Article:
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It’s a sad lonely world for a space craft. You’re sent deep into space beyond foreign worlds and forced to survive with little to no human assistance at all. For the Mars Curiosity Rover, it has lived on the Red Planet like this for nearly five years. And the little thing’s still plodding along.
But it’s finally beginning to show its age.
A routine check of the Rover’s exterior performed earlier this month revealed that the left-middle wheel is taking quite a beating. Images were beamed back from the explorer this week, and tweeted via the Rover’s personal Twitter account.
— Curiosity Rover (@MarsCuriosity) March 21, 2017
Long story short, the little guy is all alone with no one to fix it.
But that’s not where the story ends. In fact, the Rover is well ahead of its scheduled plan in terms of mileage. It’s currently investigating sand dunes on the planet’s surface around Mars’ Mount Sharp. There’s no telling when or where the mission will end.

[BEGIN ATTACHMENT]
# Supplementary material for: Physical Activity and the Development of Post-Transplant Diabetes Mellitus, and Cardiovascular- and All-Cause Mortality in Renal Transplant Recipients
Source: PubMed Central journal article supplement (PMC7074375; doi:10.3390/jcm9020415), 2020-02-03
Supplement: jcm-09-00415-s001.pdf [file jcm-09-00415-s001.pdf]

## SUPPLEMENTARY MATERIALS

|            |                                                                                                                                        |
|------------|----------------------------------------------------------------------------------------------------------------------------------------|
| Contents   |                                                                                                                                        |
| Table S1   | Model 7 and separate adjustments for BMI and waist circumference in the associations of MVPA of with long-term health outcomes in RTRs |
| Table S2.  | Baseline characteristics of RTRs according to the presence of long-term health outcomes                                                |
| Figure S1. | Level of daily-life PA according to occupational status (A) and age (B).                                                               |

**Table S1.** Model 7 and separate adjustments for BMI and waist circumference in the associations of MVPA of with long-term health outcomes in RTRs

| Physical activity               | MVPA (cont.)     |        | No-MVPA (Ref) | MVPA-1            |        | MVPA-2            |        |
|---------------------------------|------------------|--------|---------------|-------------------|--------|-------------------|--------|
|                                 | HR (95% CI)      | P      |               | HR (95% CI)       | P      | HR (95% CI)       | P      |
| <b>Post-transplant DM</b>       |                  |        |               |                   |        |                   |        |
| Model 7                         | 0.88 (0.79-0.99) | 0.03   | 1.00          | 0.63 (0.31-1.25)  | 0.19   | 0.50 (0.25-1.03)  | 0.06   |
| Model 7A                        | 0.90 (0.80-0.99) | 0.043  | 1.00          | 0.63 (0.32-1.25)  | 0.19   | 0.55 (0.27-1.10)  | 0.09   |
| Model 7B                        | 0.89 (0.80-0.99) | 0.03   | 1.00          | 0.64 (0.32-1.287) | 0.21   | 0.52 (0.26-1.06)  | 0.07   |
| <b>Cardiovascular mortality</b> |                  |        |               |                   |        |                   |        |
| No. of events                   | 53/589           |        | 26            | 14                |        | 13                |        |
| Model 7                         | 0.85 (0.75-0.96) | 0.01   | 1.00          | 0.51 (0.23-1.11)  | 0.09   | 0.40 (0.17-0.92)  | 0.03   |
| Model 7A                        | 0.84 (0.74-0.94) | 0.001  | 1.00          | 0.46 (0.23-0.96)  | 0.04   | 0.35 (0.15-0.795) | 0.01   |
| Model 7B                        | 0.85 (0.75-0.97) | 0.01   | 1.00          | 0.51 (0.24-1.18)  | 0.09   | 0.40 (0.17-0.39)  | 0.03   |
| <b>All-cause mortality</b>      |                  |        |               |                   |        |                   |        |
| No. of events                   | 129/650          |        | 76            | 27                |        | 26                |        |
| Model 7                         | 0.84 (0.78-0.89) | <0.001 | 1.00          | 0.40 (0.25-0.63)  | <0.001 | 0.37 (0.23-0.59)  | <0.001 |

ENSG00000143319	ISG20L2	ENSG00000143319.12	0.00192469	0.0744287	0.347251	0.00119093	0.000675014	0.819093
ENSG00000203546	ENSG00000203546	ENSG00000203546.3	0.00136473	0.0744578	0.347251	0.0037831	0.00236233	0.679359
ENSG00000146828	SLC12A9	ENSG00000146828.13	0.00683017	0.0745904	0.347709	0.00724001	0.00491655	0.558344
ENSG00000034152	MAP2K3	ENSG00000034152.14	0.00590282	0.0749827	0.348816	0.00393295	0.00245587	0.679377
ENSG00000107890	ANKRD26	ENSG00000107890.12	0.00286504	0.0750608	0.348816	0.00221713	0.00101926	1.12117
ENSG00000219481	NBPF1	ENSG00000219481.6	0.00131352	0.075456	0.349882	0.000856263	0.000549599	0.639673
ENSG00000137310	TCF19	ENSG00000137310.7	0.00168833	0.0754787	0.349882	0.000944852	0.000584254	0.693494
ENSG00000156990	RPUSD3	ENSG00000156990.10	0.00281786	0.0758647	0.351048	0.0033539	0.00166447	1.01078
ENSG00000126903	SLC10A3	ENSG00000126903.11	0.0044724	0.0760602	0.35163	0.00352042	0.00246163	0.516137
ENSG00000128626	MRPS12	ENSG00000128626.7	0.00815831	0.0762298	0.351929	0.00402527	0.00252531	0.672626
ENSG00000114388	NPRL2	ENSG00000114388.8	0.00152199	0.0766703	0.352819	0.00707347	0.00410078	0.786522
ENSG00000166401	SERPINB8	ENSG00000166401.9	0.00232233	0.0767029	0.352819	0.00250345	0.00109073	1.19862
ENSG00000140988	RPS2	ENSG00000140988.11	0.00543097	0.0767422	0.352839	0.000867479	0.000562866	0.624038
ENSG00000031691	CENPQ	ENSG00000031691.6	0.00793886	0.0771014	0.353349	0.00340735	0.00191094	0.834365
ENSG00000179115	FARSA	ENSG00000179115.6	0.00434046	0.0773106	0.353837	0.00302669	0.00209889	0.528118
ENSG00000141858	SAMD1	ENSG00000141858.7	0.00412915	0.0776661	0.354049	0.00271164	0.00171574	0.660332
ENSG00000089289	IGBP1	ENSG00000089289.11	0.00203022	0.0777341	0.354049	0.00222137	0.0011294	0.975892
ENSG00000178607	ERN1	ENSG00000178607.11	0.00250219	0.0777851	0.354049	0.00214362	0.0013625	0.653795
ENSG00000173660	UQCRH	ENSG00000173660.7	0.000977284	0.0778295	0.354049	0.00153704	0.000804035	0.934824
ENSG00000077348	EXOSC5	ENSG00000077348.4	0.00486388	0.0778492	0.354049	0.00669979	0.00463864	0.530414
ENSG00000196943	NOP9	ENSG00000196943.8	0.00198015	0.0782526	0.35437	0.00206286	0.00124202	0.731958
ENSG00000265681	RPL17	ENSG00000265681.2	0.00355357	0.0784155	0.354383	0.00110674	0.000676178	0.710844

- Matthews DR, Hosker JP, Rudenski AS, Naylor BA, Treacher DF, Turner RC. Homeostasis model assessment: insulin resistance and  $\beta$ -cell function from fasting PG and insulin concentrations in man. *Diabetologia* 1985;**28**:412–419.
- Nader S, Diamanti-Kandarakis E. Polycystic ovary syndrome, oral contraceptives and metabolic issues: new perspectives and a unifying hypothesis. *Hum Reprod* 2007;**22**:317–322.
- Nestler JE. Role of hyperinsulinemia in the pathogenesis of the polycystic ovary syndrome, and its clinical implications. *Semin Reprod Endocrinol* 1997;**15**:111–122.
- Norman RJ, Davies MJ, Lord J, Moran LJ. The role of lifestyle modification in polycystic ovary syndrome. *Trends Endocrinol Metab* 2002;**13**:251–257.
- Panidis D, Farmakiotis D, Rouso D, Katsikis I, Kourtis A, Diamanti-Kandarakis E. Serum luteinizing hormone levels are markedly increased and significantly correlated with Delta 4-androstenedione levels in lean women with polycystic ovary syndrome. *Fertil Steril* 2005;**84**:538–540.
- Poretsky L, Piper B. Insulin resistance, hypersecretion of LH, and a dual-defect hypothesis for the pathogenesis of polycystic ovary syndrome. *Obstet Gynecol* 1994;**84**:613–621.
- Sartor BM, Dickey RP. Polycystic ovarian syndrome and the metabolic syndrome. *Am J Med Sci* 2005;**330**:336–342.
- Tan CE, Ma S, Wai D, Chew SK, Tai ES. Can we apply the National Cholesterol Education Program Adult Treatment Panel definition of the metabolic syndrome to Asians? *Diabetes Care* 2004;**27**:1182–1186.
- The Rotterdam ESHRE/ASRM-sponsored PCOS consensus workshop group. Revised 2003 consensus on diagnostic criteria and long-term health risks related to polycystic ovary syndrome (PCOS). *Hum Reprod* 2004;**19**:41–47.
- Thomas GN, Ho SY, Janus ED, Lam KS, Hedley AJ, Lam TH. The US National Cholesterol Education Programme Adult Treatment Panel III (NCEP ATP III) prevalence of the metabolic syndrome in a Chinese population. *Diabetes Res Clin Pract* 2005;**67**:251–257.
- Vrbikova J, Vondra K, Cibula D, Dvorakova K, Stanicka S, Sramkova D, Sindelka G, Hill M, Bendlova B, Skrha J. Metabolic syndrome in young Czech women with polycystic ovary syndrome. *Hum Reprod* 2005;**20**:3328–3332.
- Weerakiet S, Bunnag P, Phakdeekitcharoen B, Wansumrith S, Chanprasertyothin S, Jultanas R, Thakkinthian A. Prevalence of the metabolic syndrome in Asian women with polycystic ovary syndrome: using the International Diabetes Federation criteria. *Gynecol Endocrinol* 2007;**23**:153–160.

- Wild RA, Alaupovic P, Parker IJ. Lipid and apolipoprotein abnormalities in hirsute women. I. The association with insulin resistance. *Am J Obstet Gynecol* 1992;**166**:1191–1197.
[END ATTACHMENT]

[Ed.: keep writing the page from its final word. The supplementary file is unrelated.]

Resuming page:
Mars Curiosity Rover has called the planet home since August 2012, and has travelled over 15km across the planet’s surface
NASA has confirmed that the Rover should theoretically live through its planned itinerary.
“All six wheels have more than enough working lifespan remaining to get the vehicle to all destinations planned for the mission,” Jim Erickson, the project manager at NASA’s JPL notes.
“While not unexpected, this damage is the first sign that the left middle wheel is nearing a wheel-wear milestone.”
So basically, “no prob” as Rover notes.
Curiosity Rover’s storied legacy
Even if it did come to a halt earlier than expected, the Curiosity Rover has done some remarkable things since it landed on the planet in August 2012.
Originally scheduled to be a two-year mission, Curiosity Rover’s voyage was extended indefinitely about four months after it landed. Since then, it has discovered some notable “organic chemistry” on the planet, and witnessed the passage of Mercury across the face of the Sun — something that no other probe has done previously.
Because space is lonely (but mainly because humans are curious beings) Curiosity will be joined by a new rover launching in 2020, but we’re not too sure if it’ll be lending Curiosity a spare wheel.
Feature image: Curiosity Rover/NASA JPL via Twitter